Order of Nine Angles
The Order of Nine Angles (ONA) is a purported secretive Satanist organization, initially formed in the United Kingdom, and which rose to public note during the 1980s and 1990s after having been mentioned in books detailing fascist Satanism. Presently, the ONA is organized around clandestine cells (which it calls traditional nexions)  and around what it calls sinister tribes  .
The Order postulates Satanism as being a highly individualized quest that aims to create self-excellence and wisdom, by undertaking challenges that allow a person to transcend his physical and mental limits. It is meant to involve the arduous achievement of self-mastery and Nietzschean self-overcoming, with an emphasis on individual growth through practical acts of risk, prowess and endurance. Rites of passage, often connected to promotion in grade level, include spending three months living rough in a forest bereft of human contact, and the assumption of difficult occupations to develop personality and leadership ability. This is meant to aid in the evolution of the individual: "this new individual will be fierce, free, exult in exploration and discovery and possess an essentially pagan attitude to life." This, in turn, will lead to the transformation of society into a higher, refined civilization.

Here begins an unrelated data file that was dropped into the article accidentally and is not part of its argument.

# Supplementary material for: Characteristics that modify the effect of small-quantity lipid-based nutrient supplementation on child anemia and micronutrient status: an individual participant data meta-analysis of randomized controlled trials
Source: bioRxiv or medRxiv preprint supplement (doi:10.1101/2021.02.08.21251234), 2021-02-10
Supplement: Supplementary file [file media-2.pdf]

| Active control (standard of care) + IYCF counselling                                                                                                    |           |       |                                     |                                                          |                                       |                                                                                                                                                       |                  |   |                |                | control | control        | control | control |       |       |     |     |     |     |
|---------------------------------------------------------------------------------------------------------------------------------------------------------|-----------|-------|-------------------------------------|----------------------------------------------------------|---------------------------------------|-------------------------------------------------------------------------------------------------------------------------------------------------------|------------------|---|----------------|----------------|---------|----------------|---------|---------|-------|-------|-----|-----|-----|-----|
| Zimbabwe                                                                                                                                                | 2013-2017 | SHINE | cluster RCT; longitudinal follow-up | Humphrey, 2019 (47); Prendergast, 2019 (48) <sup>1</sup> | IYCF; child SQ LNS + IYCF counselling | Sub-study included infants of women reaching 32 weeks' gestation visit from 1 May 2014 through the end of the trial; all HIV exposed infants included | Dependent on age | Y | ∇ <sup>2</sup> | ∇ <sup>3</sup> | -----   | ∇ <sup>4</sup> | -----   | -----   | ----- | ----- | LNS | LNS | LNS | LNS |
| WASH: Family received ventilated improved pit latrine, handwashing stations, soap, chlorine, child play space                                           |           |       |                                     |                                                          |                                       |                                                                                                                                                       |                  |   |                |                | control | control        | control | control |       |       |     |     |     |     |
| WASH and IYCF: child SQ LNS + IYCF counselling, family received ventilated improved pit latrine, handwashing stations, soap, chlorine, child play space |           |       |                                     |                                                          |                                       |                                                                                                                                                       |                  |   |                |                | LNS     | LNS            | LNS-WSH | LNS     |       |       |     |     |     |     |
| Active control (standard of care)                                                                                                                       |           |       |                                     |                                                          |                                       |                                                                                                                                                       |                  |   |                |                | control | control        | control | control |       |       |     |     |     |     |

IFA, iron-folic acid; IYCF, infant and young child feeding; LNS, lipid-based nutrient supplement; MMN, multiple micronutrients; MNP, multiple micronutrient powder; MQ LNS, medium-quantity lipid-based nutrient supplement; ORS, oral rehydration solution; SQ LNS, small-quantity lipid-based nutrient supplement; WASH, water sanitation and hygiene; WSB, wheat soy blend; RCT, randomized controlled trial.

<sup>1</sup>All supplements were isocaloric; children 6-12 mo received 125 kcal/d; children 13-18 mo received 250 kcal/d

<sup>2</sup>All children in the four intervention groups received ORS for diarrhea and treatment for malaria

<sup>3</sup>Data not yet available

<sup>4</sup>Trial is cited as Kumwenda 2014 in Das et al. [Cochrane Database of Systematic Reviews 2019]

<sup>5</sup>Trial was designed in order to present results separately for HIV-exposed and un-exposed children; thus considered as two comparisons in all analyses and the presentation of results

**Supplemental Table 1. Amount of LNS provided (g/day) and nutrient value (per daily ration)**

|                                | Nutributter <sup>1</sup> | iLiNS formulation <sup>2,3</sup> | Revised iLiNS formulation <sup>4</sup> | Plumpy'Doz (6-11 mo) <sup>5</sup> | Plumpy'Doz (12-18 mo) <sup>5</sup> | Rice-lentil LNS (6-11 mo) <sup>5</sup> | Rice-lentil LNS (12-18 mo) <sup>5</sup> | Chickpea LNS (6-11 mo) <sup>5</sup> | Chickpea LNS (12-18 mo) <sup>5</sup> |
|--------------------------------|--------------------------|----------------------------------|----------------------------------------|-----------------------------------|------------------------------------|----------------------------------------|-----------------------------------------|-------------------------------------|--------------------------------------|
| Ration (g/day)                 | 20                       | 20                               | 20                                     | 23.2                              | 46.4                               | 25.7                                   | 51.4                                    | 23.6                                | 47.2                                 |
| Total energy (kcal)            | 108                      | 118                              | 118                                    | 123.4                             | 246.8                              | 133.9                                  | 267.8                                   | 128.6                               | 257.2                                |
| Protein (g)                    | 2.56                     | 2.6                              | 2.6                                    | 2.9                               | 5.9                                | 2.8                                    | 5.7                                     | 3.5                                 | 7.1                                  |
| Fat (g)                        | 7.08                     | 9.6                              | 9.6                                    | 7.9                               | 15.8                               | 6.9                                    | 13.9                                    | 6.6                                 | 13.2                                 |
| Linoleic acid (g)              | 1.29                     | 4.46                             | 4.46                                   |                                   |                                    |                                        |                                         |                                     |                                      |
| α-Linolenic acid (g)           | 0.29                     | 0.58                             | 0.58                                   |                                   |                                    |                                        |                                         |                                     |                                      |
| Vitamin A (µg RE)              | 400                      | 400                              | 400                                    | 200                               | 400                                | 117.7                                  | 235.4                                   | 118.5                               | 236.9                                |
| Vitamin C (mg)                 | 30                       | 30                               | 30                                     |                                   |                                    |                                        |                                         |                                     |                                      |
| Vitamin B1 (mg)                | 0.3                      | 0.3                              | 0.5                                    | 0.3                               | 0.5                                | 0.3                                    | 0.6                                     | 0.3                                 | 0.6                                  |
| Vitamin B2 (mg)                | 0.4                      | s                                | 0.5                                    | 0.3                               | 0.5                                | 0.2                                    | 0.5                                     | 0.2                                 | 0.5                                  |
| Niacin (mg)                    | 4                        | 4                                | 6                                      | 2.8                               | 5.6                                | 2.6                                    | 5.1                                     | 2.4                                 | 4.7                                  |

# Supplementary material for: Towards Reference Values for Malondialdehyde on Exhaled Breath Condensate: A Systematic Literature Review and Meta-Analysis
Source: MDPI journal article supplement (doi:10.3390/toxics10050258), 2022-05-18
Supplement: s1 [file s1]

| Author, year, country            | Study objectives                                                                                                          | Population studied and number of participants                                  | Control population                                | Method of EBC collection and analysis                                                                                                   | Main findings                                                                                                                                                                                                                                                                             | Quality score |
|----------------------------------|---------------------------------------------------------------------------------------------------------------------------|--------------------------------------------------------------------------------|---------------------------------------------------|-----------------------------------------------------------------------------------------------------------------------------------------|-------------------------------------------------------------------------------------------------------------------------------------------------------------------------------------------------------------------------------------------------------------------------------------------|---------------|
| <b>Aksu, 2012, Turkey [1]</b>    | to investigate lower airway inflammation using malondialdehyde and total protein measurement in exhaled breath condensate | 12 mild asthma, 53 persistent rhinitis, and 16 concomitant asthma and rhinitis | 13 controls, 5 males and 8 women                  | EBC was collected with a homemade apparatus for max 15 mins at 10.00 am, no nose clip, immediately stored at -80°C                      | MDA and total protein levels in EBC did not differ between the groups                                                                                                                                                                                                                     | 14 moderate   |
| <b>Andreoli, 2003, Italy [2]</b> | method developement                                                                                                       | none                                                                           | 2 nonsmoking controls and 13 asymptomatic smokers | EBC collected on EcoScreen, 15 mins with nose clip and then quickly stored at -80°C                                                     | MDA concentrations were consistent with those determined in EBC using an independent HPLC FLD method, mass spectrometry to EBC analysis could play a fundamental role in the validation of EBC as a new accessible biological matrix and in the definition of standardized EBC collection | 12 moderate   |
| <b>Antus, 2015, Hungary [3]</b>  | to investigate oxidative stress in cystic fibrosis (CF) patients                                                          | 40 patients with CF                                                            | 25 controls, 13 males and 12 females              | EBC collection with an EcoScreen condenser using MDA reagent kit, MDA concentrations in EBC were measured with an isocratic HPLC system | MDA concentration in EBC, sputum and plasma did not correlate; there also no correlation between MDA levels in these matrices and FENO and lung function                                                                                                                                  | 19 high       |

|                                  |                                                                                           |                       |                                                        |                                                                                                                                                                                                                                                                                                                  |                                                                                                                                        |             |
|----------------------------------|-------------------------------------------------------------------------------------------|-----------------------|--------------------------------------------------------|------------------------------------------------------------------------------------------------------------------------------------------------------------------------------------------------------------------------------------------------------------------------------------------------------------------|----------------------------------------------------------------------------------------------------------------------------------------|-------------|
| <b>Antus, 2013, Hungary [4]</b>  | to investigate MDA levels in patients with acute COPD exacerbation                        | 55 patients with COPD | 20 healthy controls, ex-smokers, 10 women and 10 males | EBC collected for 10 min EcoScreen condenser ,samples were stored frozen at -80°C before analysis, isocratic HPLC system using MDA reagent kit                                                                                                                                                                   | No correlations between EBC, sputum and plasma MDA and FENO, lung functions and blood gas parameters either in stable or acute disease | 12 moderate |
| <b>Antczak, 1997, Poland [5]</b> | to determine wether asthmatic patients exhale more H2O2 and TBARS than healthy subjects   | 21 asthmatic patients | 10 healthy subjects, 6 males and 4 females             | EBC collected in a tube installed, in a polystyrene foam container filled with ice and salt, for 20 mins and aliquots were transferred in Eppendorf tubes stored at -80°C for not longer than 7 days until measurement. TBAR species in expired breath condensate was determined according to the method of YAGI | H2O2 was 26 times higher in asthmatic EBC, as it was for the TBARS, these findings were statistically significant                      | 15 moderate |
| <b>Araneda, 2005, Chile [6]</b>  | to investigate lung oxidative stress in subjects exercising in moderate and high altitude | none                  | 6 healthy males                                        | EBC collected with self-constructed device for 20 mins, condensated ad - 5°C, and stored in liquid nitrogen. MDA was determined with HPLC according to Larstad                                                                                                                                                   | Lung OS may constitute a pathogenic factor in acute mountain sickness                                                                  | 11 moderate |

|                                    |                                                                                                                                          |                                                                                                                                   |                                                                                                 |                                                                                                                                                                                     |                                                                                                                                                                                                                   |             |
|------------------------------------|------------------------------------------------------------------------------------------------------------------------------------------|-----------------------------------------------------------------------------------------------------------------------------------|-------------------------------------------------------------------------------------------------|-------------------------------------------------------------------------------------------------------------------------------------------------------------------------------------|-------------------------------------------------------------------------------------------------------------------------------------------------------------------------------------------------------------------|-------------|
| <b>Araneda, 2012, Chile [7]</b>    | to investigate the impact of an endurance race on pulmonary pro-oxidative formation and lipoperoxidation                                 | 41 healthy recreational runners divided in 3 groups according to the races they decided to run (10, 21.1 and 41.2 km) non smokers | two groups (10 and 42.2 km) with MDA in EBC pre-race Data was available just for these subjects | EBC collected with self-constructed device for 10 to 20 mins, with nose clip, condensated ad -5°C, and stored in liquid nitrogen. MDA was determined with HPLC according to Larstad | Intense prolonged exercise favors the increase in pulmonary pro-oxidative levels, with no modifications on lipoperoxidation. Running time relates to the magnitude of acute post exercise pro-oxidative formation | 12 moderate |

According to the ONA:
- "Satanism is understood by its genuine adherents as a particular Occult way or method. That is, it is a specific path or way toward a specific goal, the following of which involves a particular way of living. The specific path, or 'Left Hand Path', is a dark, sinister one, and the specific goal is the creation of a new type of individual. On a more general level, Satanism is concerned with changing our evolution and the societies we live in - creating, in fact, a new human species and a civilization appropriate to the new type of human being." (Anton Long: Satanism: A Basic Introduction for Prospective Adherents, Thormynd Press, England, 1992)
In addition, the ONA claims that its sinister tribes are an important part of its Aeonic, sinister, strategy to build a new, tribal-based, more sinister way of life, and to disrupt and eventually overthrow the societies of what it calls the mundanes   .